Former U.S. spy Edward Snowden on Wednesday vowed to fight any bid to extradite him from Hong Kong and promised "explosive" new revelations about Washington's surveillance targets, The South China Morning Post reported.
Specifically, Snowden reportedly showed the newspaper "unverified documents" describing an extensive U.S. campaign to obtain information from computers in Hong Kong and mainland China.
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"We hack network backbones, like huge Internet routers, basically, that give us access to the communications of hundreds of thousands of computers without having to hack every single one," he told the newspaper.
Officials have confirmed that Snowden may have more secret material.
"Apparently he's got a thumb drive," Sen. Saxby Chambliss, a Republican from Georgia, said Tuesday. "He's already exposed part of it and I guess he's going to expose the rest of it."
National Security Agency Director Gen. Keith Alexander told the Senate Intelligence Committee that "he doesn't know where Snowden is now," Chambliss said.
And the British paper The Guardian reported it believed Snowden had moved to a "safer" hotel in Hong Kong, the city to which he fled in preparation for the bombshell data dump.
"I'm neither traitor nor hero. I'm an American," Snowden said in the exclusive interview, released two days after he checked out of the city hotel and went to ground.
Supporters of the former NSA subcontractor are lauding him as a whistleblower for divulging NSA monitoring of private users' web traffic and phone records, in a worldwide trawl that the White House says was needed to keep Americans safe from terror.
The Morning Post, in a teaser posted online before it publishes the full interview, said the 29-year-old onetime CIA analyst would offer "more explosive details on U.S. surveillance targets."
That will only stoke the anger of those in Washington who accuse Snowden of a rank betrayal.
Snowden would also discuss his fears for his family and his immediate plans, the newspaper said, after it interviewed him earlier Wednesday at a secret location in the semi-autonomous Chinese territory.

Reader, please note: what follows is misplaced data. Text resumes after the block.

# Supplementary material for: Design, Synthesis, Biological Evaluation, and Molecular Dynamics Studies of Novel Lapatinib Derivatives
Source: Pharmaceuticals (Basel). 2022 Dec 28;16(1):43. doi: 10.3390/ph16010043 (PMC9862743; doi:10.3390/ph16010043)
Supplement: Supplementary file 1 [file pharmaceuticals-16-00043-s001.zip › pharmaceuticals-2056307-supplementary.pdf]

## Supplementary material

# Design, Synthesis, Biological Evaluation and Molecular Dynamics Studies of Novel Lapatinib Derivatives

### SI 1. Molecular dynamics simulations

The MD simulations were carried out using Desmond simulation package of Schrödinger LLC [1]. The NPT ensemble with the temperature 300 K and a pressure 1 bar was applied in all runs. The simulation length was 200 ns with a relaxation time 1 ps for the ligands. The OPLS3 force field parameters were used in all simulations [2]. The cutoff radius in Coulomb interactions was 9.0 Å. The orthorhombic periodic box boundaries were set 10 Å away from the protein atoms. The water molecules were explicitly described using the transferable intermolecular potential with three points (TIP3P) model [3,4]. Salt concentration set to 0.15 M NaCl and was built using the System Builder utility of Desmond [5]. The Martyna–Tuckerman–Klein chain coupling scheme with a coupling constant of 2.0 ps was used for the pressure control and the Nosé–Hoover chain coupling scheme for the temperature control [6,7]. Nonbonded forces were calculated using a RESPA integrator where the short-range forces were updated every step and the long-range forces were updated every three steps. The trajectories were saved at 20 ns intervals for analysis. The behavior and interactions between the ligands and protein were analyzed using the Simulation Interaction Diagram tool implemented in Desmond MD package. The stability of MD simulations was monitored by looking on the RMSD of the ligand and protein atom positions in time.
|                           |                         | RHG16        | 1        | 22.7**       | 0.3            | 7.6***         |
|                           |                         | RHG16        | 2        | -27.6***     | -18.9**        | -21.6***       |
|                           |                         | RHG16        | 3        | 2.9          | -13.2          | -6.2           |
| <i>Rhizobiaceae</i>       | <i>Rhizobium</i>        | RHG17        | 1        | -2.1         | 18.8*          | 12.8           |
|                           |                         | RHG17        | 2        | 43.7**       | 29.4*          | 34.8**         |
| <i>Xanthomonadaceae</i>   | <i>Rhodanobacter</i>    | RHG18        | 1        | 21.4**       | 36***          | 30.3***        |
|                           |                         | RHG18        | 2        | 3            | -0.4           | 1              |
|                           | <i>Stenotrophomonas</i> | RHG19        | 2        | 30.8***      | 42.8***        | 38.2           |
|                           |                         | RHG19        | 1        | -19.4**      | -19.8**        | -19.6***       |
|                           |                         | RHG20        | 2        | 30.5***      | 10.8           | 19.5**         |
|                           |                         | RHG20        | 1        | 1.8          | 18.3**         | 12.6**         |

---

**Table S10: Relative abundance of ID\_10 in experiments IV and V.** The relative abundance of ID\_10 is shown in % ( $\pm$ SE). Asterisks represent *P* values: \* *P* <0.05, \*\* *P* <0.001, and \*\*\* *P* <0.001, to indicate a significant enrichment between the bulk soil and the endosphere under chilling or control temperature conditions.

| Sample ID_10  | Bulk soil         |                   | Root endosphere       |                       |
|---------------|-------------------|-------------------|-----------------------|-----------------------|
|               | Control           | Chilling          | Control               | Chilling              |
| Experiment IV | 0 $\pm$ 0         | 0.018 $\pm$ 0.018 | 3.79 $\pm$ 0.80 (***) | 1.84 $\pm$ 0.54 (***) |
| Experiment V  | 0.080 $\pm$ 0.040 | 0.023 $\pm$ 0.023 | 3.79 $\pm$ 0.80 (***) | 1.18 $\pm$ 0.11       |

"People who think I made a mistake in picking HK as a location misunderstand my intentions. I am not here to hide from justice; I am here to reveal criminality," it quoted him as saying.
Snowden pledged to resist any extradition attempt by the U.S. government, the newspaper said, after he came to Hong Kong on May 20 and leaked the NSA's global eavesdropping operation to The Guardian and The Washington Post.
"My intention is to ask the courts and people of Hong Kong to decide my fate. I have been given no reason to doubt your system," he said.
But, Snowden added, the U.S. government was "trying to bully" Hong Kong authorities into expelling him before he can reveal alleged NSA snooping of communications inside the financial and trading hub.
He also said: "I have not spoken to any of my family. I am worried about the pressure they are feeling from the FBI."
The Justice Department has launched a criminal investigation, but so far the United States has not filed a formal extradition request to Hong Kong, a former British colony that retained its separate legal system when it returned to Chinese rule in 1997.
Ultimately, Beijing retains control over defense and foreign affairs -- and can veto extradition rulings made by Hong Kong courts. The Hong Kong and Chinese governments have yet to make any comment about Snowden.
Hong Kong press reports said that Snowden was on the hunt for representation from prominent lawyers well-versed in human rights and asylum cases.
He is winning support from the city's feisty pro-democracy movement, with a demonstration in the works for Saturday. Organizers said the protesters, set to include Hong Kong lawmakers, would march first to the U.S. consulate and then government headquarters.
"We should protect him. We are calling on the HK government to defend freedom of speech," Tom Grundy, a spokesman for the organizers, told the news agency Agence France-Presse Wednesday.
"We don't know what law he may or may not have broken, but if Beijing has a final say, they don't have to extradite him if he is a political dissident," he said.
A protracted battle over Snowden's fate threatens to test new attempts to build U.S.-Sino bridges as shown at a weekend summit in California between President Barack Obama and Chinese President Xi Jinping. The European Union already has expressed disquiet at the giant scale of the NSA operation.
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White House spokesman Jay Carney on Tuesday said Obama had signed an executive directive requiring protections for intelligence community whistleblowers who use "appropriate" channels -- implicitly not leaks to newspapers as Snowden did -- to expose alleged wrongdoing.
But Carney fended off all questions about Snowden and declined to characterize his actions while investigations are underway. On Capitol Hill, the language was more blunt.
Speaker of the House John Boehner described Snowden's leaks as a "giant" violation of the law.
"He's a traitor," Boehner told ABC News in an interview. "The disclosure of this information puts Americans at risk. It shows our adversaries what our capabilities are."
Alexander, the NSA chief, is to testify before a Senate committee later Wednesday at a pre-arranged hearing at which he is now expected to face questioning about PRISM, the intelligence operation divulged by Snowden.